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What Hurricane Sandy Victims Really Need

Something that dog lovers understand
By Julia Lane, November 2012, Updated June 2021

The physical and emotional devastation of Hurricane Sandy hits too close to home. Seven years ago, Hurricane Katrina flooded our New Orleans neighborhood and changed my family’s life forever.


I can relate to the shock and the pain and the fear that Sandy’s victims are feeling right now. I can also tell you that a donation to the Red Cross or any other charity, while helpful, is not as powerful as making an individual, human connection. If you’re an animal lover, you already understand what I’m about to say. 



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When we were finally allowed to enter our house nearly one month after Katrina, part of me didn’t want to go. Maybe if we didn’t look with our own eyes, all those images on TV would remain abstract. Our pink and white raised bungalow would look exactly the way we left it – dry and safe. Our dogs would greet us at the door, tails wagging. The cats would blink sleepy hellos from their warm perches.


Instead, our beautiful home had been submerged in up to eight feet of brackish water for three weeks. Elderly neighbors were found drowned. Friends had evacuated to destinations unknown. Our four dogs and two cats were temporarily living with my parents in a Chicago suburb. Life had become strange and tenuous.


Upon realizing that our evacuation had changed into long-term refuge, my mother-in-law said, “ Good thing you don’t have any kids.” I knew what she meant. Being a practical person, she was thinking in terms of finding housing, transportation, schools and babysitters while juggling insurance and FEMA phone calls, not to mention work if you still had a job. What a nightmare for any parent.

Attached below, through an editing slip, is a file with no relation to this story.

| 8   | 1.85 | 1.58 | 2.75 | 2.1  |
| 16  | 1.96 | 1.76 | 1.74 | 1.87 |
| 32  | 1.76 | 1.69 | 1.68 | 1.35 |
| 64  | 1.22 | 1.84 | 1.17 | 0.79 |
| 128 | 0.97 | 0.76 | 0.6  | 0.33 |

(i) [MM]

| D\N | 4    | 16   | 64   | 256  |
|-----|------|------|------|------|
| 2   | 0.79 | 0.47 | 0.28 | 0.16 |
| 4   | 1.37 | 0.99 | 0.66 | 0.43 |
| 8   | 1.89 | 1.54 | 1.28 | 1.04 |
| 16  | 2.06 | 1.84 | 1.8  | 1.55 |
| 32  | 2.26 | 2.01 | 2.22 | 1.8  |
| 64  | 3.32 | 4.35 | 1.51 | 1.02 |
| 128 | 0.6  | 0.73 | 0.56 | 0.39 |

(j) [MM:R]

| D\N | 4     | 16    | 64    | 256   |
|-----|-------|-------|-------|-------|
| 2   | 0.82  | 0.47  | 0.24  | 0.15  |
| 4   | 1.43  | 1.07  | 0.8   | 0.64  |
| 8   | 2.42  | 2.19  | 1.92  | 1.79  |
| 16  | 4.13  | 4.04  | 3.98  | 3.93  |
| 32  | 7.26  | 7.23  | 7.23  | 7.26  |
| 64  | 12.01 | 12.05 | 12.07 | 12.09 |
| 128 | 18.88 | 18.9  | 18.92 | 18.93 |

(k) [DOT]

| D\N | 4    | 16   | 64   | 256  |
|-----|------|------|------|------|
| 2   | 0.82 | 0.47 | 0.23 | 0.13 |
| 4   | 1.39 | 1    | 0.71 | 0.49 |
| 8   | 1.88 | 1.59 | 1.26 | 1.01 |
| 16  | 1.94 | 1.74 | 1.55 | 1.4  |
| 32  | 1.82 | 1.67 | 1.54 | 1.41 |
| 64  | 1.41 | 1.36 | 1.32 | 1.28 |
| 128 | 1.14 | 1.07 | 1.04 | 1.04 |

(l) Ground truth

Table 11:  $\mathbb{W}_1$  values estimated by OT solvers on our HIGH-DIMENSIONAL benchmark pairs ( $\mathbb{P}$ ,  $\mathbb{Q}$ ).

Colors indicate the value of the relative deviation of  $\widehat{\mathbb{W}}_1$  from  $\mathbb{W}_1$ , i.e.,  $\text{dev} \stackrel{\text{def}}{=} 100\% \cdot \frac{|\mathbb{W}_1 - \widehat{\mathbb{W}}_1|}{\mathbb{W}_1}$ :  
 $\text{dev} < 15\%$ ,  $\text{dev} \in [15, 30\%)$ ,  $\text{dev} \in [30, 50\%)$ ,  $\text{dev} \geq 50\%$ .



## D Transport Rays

Even so, my pets are family. They had basic needs, too, such as being fed, sheltered, feeling safe and loved. Family and friends had donated clothing and personal items to us, but dog lovers in particular understood that our animals’ needs outweighed our own. One incredibly generous woman insisted we meet her at PetsMart and she bought our pets $250 worth of food, treats, collars, leashes, bowls, and toys.


During our many salvage trips back to New Orleans, a team of volunteers I had met online helped walk and exercise the dogs since my parents were limited physically. Clean Run, an agility magazine, mailed us a care package filled with treats, toys, and training items, plus shirts and coats for the humans. Therapy Dogs International sent us a check in honor of our Therapy Dog Desoto’s service.


The animal lovers totally got it. Our pets’ well being affected our own mental health. Desoto, Shelby, Darby, Jolie, Cricket and Bruiser did not understand why their lives had changed in every possible way, but thanks to human kindness, they were well cared for and loved. The people who helped us most were the ones who recognized that it was the little things that mattered, like taking our dogs for a walk. Or the stranger who found me crying on the porch steps of my rotted house, feeling so alone, and gave me a strong hug.


Dog lovers, you of all people understand the value of physical touch and the power of connecting with another being. Please reach out to an individual Hurricane Sandy victim and give them something to hold onto.  


Julia Lane owns Spot On K9 Sports, a training facility in the Chicago area, and offers online dog-sport coaching. She is the author of several travel books, and her byline has appeared in The New York Times Magazine, Poets & Writers and elsewhere.